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'Be present': Calmer Choice's CEO on reaching students in a pandemic

Emily Smalley became CEO of Calmer Choice on Jan. 1, after serving four years as chief operating officer.

"Success will look like a continued openness to seek help and support when you need it," says Emily Smalley. "That barrier has virtually been eliminated with the pandemic."

Covid has redefined childhood with remote learning, masking at school and in public, and in many cases getting vaccinated. These changes have tested how young people are managing stress.

At the same time, Calmer Choice in Yarmouth is recalibrating how it reaches students. The mindfulness organization is working to expand beyond the 28 Cape Cod schools it works with now.

On Jan. 1, Emily Smalley became CEO after serving four years as chief operating officer.

Morning Edition's Patrick Flanary spoke with Smalley about the importance of the organization’s work in helping children through these difficult times.

Patrick Flanary: What have you observed about how children are coping with stress and anxiety, versus how their parents are?

Emily Smalley: There’s less stigma now about reaching out for help and support during the pandemic. The isolation and the feelings of being overwhelmed that we saw back in 2020, we’re actually starting to see a little bit of ease on that. Certainly, there’s an exhaustion happening. However, I think there’s an openness and willingness to share experiences and ask for help. And that’s really served well for the parents.

PF: How do you measure the success of these programs and whether they’re working?

ES: I think we won’t be able to tell for a while. I think in the short term, it’s helping reduce anxiety, it’s helping keep kids in the classroom, it’s helping them focus on completing their assignments. It’s helping us all be kinder, I think, and more accepting of each other’s experiences. There’s a lot of empathy-building that’s happened during the pandemic.

I think long-term success will look like a continued openness to seek help and support when you need it. I’ve had parents say to me, “I didn’t want to admit that I was struggling,” or “I didn’t want my kids to see that I was having a hard time.” That barrier has virtually been eliminated with the pandemic. People are much more open to talking and sharing, and showing children by modeling for them that it’s O.K. to ask for help when you need it.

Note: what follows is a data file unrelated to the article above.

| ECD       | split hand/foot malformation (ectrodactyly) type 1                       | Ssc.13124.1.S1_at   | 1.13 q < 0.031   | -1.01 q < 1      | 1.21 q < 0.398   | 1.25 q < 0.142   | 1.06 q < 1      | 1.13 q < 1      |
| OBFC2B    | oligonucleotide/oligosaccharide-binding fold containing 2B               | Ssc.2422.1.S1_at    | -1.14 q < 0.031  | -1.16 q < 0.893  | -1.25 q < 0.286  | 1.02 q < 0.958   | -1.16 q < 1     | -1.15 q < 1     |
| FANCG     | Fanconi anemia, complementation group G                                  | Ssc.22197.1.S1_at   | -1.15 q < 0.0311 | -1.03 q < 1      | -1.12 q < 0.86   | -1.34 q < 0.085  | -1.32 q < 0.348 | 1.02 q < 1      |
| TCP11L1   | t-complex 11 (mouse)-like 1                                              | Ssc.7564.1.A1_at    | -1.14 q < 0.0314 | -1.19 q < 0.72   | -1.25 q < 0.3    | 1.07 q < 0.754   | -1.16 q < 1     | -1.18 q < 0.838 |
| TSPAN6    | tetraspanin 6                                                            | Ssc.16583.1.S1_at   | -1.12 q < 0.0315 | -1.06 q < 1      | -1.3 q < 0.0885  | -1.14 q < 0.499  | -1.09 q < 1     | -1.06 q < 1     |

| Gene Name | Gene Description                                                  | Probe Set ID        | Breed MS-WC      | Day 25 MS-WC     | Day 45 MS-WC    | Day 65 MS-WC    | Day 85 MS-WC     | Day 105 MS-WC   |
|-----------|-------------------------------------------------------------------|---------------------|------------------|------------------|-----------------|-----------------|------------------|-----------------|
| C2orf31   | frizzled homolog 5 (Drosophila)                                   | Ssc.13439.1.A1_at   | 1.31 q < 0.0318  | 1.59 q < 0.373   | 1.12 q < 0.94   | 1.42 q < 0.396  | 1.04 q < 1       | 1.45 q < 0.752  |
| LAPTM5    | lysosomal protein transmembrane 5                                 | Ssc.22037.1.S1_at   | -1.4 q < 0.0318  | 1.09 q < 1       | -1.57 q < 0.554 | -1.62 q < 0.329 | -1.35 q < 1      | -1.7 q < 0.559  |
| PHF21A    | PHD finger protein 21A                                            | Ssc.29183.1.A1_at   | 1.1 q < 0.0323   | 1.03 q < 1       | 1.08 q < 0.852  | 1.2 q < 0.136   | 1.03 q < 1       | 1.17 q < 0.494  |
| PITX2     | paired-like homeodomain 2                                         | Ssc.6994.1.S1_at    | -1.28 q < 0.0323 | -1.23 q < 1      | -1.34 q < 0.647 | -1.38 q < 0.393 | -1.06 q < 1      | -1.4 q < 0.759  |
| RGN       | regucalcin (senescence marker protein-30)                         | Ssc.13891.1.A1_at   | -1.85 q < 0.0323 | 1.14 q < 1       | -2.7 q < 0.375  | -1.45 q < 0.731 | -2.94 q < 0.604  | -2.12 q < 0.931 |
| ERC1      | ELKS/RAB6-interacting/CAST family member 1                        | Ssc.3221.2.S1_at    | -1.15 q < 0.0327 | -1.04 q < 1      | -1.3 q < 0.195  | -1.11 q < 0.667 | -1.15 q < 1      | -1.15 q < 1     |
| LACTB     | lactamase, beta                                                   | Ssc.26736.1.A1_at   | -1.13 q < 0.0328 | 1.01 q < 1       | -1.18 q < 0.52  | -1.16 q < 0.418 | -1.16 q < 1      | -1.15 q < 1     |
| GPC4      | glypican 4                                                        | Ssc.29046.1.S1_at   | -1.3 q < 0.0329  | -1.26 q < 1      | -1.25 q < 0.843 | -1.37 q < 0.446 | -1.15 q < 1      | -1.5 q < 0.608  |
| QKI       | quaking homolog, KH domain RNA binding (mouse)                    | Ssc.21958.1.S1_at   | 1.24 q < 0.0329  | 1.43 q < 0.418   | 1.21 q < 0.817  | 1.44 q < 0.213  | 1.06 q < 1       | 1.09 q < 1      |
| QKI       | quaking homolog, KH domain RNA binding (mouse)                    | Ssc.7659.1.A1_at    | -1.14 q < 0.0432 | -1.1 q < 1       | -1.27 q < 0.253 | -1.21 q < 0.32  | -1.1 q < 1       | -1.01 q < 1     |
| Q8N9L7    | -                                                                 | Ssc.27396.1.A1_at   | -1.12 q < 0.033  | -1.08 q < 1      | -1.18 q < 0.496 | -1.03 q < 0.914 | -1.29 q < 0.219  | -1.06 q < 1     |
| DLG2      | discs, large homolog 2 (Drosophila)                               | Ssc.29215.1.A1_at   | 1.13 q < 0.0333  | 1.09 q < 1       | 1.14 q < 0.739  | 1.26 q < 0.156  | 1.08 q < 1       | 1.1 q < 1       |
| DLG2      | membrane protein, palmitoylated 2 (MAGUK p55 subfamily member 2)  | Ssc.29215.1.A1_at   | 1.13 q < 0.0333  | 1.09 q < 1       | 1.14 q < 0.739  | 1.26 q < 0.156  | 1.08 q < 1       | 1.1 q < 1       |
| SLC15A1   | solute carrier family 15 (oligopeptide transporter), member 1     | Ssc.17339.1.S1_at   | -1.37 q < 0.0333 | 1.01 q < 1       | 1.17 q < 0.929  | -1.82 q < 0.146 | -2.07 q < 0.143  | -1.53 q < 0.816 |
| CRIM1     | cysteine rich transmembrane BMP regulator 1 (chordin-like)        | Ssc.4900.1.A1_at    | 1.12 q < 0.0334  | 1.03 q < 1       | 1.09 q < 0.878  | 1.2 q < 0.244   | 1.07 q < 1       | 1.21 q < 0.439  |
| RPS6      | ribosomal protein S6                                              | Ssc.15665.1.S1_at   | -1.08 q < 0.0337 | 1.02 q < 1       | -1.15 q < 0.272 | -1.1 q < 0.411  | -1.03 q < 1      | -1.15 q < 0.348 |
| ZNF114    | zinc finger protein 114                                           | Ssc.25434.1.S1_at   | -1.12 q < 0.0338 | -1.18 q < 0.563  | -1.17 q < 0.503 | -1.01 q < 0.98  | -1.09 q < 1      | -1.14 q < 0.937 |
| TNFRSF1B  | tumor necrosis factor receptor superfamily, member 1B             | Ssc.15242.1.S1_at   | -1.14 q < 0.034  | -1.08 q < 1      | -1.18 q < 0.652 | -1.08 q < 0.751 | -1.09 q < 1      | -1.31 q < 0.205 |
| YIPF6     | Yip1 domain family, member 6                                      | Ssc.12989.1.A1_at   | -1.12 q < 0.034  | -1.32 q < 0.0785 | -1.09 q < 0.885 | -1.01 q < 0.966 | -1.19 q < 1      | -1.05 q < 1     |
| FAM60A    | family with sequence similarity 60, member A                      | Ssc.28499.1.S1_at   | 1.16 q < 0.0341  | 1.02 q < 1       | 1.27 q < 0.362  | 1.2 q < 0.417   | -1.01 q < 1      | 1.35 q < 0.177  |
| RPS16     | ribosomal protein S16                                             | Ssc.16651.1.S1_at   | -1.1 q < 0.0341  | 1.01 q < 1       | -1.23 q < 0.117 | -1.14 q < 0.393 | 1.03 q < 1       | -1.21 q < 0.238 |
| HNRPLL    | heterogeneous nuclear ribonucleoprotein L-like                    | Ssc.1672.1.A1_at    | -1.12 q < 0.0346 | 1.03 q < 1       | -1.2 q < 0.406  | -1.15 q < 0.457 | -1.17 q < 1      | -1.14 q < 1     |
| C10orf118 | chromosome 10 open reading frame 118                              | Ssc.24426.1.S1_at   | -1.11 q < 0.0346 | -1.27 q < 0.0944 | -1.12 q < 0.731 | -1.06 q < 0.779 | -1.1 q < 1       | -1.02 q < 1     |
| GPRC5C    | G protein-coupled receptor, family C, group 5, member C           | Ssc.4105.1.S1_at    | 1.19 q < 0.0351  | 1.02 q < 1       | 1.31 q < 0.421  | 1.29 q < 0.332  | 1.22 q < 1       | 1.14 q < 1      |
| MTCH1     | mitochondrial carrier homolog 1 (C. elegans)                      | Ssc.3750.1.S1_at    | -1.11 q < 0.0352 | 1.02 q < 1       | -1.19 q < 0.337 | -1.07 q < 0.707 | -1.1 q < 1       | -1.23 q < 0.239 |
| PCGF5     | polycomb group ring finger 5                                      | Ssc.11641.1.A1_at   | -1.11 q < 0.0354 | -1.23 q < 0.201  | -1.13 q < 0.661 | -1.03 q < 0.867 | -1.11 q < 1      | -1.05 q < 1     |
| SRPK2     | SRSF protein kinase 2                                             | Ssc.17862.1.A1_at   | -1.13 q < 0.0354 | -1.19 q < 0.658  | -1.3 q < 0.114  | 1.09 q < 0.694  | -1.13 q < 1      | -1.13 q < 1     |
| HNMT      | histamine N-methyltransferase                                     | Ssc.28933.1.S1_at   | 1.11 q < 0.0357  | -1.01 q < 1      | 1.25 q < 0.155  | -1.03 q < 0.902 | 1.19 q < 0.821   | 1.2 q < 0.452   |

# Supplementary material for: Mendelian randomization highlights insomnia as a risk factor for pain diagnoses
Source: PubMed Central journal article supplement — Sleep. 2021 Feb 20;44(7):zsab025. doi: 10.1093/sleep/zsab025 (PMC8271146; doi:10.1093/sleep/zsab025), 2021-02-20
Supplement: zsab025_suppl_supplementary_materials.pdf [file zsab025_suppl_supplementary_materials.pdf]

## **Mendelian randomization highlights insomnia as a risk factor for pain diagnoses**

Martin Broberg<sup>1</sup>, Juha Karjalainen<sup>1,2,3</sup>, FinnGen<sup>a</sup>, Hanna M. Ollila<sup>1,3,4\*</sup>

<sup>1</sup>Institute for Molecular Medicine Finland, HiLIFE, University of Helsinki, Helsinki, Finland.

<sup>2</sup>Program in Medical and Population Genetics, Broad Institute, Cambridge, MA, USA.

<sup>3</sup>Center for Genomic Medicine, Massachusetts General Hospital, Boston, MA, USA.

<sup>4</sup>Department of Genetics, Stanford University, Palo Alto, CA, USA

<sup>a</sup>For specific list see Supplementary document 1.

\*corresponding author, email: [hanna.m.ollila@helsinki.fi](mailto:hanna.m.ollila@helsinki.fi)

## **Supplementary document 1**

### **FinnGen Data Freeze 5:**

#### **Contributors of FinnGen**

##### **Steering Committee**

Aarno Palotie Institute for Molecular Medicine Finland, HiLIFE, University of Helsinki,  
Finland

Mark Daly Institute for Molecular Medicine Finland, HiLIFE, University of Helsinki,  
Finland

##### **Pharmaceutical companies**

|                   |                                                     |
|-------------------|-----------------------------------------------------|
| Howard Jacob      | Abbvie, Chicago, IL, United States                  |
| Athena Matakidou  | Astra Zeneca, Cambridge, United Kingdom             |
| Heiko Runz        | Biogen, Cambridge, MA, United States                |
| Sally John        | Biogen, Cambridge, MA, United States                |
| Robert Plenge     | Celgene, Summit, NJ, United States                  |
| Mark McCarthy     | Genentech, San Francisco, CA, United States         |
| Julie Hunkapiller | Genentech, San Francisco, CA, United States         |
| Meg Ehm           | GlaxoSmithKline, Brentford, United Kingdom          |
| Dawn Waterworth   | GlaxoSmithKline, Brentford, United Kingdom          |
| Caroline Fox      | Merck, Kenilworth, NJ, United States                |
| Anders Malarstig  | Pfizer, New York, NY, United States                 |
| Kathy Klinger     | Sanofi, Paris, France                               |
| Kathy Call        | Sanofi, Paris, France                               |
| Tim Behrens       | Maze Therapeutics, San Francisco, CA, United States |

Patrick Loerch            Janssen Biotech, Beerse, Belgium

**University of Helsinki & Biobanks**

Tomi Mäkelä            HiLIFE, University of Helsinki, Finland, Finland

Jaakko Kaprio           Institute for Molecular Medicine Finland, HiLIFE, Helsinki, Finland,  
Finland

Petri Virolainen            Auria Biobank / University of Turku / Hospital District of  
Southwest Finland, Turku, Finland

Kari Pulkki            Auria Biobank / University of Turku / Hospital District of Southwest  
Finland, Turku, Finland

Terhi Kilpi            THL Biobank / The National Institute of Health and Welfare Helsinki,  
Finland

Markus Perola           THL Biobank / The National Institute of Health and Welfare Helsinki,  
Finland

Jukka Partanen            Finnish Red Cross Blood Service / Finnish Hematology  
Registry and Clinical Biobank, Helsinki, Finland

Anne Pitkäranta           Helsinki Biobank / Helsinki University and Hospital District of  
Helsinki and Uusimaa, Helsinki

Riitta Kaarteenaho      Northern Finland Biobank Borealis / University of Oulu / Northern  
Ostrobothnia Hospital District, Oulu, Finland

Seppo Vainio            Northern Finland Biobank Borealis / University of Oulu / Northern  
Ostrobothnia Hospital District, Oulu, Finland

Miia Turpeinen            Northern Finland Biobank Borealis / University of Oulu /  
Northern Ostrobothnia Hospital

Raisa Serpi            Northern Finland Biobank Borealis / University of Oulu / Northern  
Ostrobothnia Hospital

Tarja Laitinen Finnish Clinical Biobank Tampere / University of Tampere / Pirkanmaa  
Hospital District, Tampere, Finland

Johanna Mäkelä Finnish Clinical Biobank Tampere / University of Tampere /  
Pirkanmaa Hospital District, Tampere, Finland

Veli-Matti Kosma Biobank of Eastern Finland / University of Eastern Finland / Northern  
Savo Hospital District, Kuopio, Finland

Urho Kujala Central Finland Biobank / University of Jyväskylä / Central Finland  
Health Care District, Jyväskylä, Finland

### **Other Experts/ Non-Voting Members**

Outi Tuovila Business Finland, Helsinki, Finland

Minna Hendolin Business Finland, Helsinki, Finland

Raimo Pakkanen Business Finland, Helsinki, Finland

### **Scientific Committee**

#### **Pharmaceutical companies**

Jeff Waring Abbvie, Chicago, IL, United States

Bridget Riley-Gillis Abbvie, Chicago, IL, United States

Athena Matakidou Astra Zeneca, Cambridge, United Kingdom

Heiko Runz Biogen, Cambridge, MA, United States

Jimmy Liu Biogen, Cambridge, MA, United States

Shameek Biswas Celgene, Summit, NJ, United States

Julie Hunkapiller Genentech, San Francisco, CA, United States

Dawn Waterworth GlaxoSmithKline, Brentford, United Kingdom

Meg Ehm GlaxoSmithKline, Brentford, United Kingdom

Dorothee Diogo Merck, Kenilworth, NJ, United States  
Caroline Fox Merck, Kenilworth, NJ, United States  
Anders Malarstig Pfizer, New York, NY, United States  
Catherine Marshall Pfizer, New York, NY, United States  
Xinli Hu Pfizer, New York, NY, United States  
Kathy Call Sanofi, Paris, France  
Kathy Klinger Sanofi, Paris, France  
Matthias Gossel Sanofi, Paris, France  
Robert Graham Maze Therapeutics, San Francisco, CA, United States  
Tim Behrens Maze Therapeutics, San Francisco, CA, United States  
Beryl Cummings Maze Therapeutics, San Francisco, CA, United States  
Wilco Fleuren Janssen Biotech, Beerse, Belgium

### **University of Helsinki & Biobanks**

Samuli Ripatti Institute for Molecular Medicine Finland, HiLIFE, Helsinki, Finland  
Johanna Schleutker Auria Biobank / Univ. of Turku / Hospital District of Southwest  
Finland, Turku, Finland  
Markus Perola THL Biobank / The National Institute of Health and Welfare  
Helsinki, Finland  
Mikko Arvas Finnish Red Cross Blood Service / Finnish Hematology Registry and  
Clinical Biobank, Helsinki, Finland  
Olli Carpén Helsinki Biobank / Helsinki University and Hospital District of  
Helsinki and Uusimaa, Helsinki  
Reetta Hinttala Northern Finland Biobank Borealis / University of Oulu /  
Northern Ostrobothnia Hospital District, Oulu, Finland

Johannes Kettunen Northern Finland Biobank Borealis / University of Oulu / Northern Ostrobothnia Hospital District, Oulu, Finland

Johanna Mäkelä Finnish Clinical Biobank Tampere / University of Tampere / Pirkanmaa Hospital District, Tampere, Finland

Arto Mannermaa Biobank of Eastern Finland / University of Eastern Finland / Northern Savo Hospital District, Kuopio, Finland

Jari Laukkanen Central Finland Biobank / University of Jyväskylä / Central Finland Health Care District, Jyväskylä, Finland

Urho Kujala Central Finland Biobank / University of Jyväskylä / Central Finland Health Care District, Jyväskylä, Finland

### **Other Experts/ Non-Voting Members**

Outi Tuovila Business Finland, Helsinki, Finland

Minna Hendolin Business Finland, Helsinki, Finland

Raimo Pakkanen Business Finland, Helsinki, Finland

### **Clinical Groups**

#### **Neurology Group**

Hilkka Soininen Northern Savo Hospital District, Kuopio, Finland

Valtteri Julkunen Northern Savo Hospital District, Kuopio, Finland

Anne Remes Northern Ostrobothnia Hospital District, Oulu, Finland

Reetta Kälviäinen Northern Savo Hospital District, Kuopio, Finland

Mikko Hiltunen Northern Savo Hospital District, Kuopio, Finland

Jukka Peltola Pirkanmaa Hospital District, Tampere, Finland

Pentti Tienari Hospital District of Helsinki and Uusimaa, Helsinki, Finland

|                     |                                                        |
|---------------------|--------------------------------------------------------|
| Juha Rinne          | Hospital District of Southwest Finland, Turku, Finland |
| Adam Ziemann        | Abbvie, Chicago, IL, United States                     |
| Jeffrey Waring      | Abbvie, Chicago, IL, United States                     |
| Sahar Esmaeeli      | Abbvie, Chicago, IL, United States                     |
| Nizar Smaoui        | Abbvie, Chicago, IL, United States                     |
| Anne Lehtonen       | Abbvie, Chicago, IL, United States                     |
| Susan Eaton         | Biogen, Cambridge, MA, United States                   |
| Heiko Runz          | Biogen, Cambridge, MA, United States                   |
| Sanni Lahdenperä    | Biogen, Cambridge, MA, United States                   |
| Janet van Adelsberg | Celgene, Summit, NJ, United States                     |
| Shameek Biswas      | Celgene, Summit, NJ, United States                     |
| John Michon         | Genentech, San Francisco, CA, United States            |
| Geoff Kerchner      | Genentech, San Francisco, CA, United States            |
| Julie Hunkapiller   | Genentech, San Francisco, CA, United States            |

PF: Do you find people are revealing more about themselves and getting things off their chest during the pandemic? Or are they more apt to shut down?

ES: I think we’ve seen people be really open with sharing their own personal experiences, and looking for that opportunity to provide support for others. When we feel helpless, sometimes the best thing we can do is share our stories in the hope that something will resonate with them and help set them on a new course.

PF: I learned a lot from your TEDx Mashpee Women Talk. One of the points you made during that talk was to pay attention to the present moment, with kindness. How do we do a better job of focusing on the now and dispensing with the past and what could happen down the road?

ES: I think that’s the big area where we all live at the moment. There’s all this fear of what’s coming in the future and what will be happening next, and mindfulness teaches us to really be present for what’s coming at us in the moment. We do that by allowing the thoughts to come – we all have them, our minds are very busy. And what mindfulness teaches us is that through breathwork and real curiosity about how we’re feeling we can say, “Ah! There’s that feeling again.” And just let it pass. Instead of taking action to feel like we need to fix things, allowing ourselves to sit with these feelings of struggle and discomfort.

PF: How do we get this into all schools on the Cape? I know Calmer Choice is present in a lot of them, but is it possible to penetrate all of them?

ES: That’s our goal, is to continue to build relationships, to see if we can meet the needs that the schools have. And honestly, they’re facing enormous challenges right now in the pandemic. So our strategy right now is to say to our school partners, “We’re here when you need us.”

PF: Are we at a point now where the stigma associated with mental health is finally going away? Are people waking up to the fact that we’re all dealing with something in our lives, whether it’s anxiety, depression, alcoholism?

ES: We’re making some good headway. I would say it will probably be a long way off before the stigma is completely gone, but I think the pandemic has a wonderful silver lining of making these conversations more open and accessible. There’s much more willingness to talk about things that we really used to keep in the closet.

Patrick Flanary is a dad, journalist, and host of Morning Edition.